Generally speaking, the lowest cantonal tax rates in Switzerland can be found in the smaller, less urbanised, German-speaking cantons in the centre of the country.
The canton of Zug, for instance, has one of the lowest income tax burdens at a cantonal level.
As a result, it has attracted wealthy individuals, with one in eight Zug residents having a net worth of over one million francs.
As noted by KPMG in relation to income tax rates in 2021, including federal taxes of 11.5 percent, Zug had a maximum income tax rate of 22.4 percent, which is followed by 24.1 in Appenzeller-Innerhoden and 24.3 percent in Obwalden.
This is lower than the Swiss average of 33.73 percent (for all federal, cantonal and communal income taxes).
Income tax rates are much higher in urbanised cantons and those in the French-speaking parts of the country.
Including federal taxes of 11.5 percent, Geneva has the highest tax rate in the country of 44.8 percent. This is followed by Basel Country (42.17%), Vaud (41.5%) and Bern (41%).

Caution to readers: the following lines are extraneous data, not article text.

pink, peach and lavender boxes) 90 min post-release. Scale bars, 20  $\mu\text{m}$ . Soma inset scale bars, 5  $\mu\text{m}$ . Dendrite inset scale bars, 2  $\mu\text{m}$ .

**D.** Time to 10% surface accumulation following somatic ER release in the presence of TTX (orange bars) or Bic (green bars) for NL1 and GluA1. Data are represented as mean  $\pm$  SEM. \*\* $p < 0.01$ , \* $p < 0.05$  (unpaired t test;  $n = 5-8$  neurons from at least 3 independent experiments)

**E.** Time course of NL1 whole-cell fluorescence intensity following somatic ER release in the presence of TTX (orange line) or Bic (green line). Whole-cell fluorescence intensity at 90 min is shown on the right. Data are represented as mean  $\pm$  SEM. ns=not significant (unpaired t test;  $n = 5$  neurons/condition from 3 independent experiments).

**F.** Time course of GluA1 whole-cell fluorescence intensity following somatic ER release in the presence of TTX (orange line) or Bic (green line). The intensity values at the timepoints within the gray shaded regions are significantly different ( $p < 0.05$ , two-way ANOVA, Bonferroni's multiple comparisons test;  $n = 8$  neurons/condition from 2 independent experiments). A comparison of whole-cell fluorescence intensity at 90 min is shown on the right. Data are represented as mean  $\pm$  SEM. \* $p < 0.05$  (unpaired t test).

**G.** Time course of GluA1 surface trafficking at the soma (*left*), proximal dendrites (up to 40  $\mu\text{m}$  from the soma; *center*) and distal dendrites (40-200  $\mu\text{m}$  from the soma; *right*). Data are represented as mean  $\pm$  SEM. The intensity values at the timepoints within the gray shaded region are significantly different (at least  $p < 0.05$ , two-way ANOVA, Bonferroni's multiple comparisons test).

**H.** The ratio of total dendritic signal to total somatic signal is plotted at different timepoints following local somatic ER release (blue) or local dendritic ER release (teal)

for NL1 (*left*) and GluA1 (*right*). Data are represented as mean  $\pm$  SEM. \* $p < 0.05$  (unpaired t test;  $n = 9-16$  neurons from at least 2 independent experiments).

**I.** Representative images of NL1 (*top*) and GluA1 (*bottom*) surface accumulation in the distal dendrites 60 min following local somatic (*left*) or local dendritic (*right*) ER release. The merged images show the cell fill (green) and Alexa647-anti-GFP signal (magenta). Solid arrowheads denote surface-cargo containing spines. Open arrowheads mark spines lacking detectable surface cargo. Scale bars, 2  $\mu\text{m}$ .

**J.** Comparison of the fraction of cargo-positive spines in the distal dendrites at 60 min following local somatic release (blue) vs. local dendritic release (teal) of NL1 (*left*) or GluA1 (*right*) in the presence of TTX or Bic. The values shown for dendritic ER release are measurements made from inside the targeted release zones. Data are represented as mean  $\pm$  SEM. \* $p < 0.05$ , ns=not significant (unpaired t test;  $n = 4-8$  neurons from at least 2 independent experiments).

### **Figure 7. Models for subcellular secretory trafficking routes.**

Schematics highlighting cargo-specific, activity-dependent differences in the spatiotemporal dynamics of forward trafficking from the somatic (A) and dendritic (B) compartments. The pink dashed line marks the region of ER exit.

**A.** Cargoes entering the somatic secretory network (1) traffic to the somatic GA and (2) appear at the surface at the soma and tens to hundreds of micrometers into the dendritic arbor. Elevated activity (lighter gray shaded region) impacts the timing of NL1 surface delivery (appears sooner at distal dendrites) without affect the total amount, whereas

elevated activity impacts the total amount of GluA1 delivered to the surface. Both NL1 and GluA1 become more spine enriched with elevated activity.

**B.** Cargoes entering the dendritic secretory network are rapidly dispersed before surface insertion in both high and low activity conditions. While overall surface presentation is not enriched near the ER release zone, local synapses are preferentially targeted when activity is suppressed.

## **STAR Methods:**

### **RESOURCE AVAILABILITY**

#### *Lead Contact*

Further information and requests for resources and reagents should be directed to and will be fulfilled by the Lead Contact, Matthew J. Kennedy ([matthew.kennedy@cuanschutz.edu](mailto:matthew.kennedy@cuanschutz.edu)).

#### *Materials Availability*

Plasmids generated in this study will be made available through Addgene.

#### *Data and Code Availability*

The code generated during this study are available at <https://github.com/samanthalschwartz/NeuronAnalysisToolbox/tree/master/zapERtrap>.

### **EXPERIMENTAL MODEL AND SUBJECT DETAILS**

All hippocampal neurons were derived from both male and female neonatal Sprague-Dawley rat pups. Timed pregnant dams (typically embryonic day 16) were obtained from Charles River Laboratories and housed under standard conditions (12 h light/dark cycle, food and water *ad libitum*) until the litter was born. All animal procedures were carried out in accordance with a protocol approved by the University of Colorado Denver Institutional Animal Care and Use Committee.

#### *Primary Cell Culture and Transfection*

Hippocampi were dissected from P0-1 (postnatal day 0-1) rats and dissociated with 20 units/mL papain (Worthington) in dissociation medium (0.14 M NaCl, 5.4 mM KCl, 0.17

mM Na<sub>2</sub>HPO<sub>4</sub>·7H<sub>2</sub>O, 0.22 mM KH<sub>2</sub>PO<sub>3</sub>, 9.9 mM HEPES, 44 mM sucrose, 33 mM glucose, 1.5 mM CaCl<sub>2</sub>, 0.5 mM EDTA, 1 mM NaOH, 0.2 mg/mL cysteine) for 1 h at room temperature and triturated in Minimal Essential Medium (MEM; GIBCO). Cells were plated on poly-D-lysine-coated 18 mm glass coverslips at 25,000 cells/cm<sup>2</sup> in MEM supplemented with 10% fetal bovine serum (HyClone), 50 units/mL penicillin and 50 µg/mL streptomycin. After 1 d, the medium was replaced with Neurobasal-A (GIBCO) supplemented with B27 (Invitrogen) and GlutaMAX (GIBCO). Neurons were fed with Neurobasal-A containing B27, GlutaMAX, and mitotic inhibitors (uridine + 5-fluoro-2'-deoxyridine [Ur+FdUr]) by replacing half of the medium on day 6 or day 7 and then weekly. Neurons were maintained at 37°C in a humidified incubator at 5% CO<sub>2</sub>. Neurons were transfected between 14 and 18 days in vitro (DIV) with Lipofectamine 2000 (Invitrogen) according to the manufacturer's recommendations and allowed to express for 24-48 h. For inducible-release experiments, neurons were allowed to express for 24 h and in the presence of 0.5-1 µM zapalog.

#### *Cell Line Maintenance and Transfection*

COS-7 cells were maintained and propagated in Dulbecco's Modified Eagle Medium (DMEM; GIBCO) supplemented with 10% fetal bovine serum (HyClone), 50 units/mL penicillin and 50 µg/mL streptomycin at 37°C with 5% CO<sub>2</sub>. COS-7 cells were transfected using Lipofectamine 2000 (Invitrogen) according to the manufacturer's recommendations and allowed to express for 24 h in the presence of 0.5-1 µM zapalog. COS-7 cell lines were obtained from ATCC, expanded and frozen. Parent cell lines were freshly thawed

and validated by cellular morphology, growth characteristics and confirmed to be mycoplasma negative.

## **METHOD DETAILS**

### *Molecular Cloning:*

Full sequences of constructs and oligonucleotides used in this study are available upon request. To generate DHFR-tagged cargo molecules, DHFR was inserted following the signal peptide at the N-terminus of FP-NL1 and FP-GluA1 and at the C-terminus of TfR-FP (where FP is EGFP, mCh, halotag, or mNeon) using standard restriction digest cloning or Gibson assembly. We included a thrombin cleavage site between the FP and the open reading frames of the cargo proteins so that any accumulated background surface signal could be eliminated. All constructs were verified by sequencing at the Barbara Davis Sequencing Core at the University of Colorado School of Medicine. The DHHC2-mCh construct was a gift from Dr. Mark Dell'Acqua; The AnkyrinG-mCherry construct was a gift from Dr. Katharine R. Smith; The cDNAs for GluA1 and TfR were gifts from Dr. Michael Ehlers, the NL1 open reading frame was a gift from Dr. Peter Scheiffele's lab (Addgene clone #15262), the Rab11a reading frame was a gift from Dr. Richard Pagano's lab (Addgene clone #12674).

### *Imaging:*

While this is clearly significantly higher than those in place in other parts of the country, KPMG points out they are still lower than the highest tax rates found in Sweden (57.3%), Denmark (56.3%) and Austria (55%).
What about at a municipal level?
Within a canton, there can also be significant differences depending on the municipality.
Municipal tax or communal tax refers to income tax charged at the municipal level.
This does not take into account other taxes that can be levied as a consequence of living in a particular municipality, like property taxes.
A report from January 2022 showed that the difference in Zurich can be several thousands of francs per year depending on which municipality you live in.
While the calculation of municipal taxes is complex (see below), in Zurich this could result in an effective income tax rate of as high as 46 percent or as low as 35 percent (including federal taxes), depending on which part of the canton you live in.
How are municipal taxes calculated and levied?
Somewhat confusingly, cantonal and municipal taxes are levied together and are often expressed in a single amount (although in some cantons this will be broken down into two line items: municipal and cantonal taxes).